Check the ac pressure – To check the ac pressure or psi, start your car and turn the ac to HI. Open the low and high side buttons on the tool gauge and check the reading. The psi for the low side should be about 25 to 40. The psi for the high side should be about 200 and 225. If the gauge reads are not close to these parameters, or there is no charge, there is a problem with the ac compressor. compressor. The relay is blocking any voltage from activating the clutch. The ac must be charged up with refrigerant.
Check the refrigerant – Your car’s ac system should use either R13 or R134a refrigerant. The ac expansion valve turns the refrigerant to gas. If your ac uses R12, then hook the ac gauge hose to the low side nipple. Connect the high hose to the high side of the compressor nipple. If your car uses R134a refrigerant, then you should connect the low hose to the 13 mm compressor nipple and the high hose to the 16 mm compressor. Note: Even if you replace the refrigerant, if the ac clutch is bad, the air will still come out of the ac warm.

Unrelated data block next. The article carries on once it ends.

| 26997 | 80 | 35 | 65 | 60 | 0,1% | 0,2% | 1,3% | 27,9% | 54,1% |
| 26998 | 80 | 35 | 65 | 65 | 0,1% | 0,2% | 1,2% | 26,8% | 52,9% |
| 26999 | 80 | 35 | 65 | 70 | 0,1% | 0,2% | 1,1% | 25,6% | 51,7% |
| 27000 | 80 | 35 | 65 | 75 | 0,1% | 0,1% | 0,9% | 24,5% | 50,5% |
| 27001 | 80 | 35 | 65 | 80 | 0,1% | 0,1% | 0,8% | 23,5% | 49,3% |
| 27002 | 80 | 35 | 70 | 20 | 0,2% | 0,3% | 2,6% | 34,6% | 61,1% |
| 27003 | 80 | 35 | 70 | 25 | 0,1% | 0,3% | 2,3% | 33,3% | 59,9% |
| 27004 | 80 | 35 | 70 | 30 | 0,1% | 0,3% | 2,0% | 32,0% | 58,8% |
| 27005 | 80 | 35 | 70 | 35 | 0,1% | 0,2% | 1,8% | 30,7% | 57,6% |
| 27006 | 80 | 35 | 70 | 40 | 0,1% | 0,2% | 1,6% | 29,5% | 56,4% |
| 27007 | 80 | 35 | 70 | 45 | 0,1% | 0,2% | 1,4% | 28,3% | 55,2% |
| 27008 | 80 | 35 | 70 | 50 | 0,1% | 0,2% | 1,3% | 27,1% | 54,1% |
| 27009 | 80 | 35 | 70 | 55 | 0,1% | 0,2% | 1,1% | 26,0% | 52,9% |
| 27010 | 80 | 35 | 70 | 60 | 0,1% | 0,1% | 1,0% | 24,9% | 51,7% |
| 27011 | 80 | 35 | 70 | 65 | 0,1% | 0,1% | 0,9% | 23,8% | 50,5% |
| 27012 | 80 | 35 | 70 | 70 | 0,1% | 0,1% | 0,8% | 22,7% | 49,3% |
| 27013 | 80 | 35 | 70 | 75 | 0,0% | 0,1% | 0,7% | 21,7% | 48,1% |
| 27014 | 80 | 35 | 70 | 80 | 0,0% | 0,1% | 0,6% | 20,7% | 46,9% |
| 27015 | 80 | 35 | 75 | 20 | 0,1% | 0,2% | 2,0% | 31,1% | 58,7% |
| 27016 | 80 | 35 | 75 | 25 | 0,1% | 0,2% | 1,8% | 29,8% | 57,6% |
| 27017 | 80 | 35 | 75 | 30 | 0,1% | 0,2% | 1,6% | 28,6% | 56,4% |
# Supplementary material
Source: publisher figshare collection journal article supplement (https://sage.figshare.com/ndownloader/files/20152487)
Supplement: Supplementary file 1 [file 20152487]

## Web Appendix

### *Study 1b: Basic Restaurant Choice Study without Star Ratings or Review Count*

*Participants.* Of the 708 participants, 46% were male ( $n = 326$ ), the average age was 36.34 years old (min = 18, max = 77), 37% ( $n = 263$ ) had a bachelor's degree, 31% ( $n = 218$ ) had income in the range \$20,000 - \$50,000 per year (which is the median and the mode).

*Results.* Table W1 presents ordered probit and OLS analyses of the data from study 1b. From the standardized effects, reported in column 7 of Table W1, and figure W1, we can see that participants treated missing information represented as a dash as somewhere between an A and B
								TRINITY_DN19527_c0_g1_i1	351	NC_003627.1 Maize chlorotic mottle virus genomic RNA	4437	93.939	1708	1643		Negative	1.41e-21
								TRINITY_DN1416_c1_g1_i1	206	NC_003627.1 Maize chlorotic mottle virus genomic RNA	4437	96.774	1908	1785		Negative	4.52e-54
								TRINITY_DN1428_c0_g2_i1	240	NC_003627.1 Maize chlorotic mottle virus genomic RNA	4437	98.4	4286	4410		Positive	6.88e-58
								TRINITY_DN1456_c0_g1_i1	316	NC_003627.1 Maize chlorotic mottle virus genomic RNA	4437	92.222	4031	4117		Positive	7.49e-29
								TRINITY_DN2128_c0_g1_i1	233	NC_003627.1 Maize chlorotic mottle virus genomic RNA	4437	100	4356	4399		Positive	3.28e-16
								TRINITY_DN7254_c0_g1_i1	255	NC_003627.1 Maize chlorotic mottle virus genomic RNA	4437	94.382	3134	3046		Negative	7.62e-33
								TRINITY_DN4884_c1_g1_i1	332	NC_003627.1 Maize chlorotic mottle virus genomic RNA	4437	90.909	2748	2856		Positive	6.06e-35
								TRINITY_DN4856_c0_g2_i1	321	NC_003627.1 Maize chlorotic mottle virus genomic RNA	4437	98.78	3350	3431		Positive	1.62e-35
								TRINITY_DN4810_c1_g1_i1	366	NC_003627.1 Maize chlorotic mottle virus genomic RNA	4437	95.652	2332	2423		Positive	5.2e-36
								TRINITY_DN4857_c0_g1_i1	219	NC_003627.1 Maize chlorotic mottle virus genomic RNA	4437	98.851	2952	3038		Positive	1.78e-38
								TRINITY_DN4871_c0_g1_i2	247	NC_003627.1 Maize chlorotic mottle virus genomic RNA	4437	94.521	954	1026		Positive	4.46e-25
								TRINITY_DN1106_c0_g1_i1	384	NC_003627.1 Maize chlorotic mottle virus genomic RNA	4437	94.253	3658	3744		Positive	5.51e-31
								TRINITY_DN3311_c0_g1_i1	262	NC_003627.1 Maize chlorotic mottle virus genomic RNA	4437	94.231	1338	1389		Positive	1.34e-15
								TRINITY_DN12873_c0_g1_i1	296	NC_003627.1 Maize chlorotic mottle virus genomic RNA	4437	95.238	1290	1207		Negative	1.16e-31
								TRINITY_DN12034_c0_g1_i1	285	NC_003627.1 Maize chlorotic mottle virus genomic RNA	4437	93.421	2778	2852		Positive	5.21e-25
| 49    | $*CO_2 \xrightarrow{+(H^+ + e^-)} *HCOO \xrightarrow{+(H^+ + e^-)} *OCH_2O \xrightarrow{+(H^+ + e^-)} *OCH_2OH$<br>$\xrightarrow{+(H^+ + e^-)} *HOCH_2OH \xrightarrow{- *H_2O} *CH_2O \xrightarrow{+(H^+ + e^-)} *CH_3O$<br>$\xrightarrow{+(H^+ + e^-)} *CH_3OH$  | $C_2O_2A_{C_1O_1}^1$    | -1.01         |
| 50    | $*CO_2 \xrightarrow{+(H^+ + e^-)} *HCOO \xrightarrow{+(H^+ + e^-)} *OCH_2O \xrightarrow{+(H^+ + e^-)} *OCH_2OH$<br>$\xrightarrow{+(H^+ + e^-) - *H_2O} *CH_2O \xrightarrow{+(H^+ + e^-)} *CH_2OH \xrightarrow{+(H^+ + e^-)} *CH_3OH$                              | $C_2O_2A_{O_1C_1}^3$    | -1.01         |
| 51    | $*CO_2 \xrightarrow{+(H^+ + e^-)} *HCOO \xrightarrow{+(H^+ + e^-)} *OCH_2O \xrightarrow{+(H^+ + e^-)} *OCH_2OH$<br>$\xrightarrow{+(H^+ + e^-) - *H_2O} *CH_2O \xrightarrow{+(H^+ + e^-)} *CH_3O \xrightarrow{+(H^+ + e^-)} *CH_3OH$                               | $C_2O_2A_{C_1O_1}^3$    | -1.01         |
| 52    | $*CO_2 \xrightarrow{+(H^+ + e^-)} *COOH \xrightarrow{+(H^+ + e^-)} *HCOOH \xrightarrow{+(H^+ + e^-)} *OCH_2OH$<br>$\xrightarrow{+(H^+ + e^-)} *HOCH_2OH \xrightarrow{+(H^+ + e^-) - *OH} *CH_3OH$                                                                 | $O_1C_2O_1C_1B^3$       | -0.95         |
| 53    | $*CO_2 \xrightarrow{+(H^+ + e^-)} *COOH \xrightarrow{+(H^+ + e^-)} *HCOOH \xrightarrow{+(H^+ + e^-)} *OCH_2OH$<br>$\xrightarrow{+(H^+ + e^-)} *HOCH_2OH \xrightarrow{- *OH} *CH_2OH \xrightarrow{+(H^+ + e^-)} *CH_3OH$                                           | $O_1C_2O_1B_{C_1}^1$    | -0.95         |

Tighten the ac belt tensioner pulley– The ac belt can also become damaged or go bad. The pulley connects the ac compressor clutch to the engine crankshaft so the ac compressor will come on when you turn your car on. To tighten the belt, turn your engine OFF. Examine the pulley belt for any contamination or cracks. Also, be sure to check for the correct tension. There should not be more than one quarter inch of play in the belt. If you feel play, then loosen the mount bolts at the base of the ac compressor. Then, loosen the top adjusting bolt. Pull the ac compressor against the belt until there is no longer slack. Retighten all the bolts. You can also diagnose a belt that needs replacing when you cannot defrost the windshield.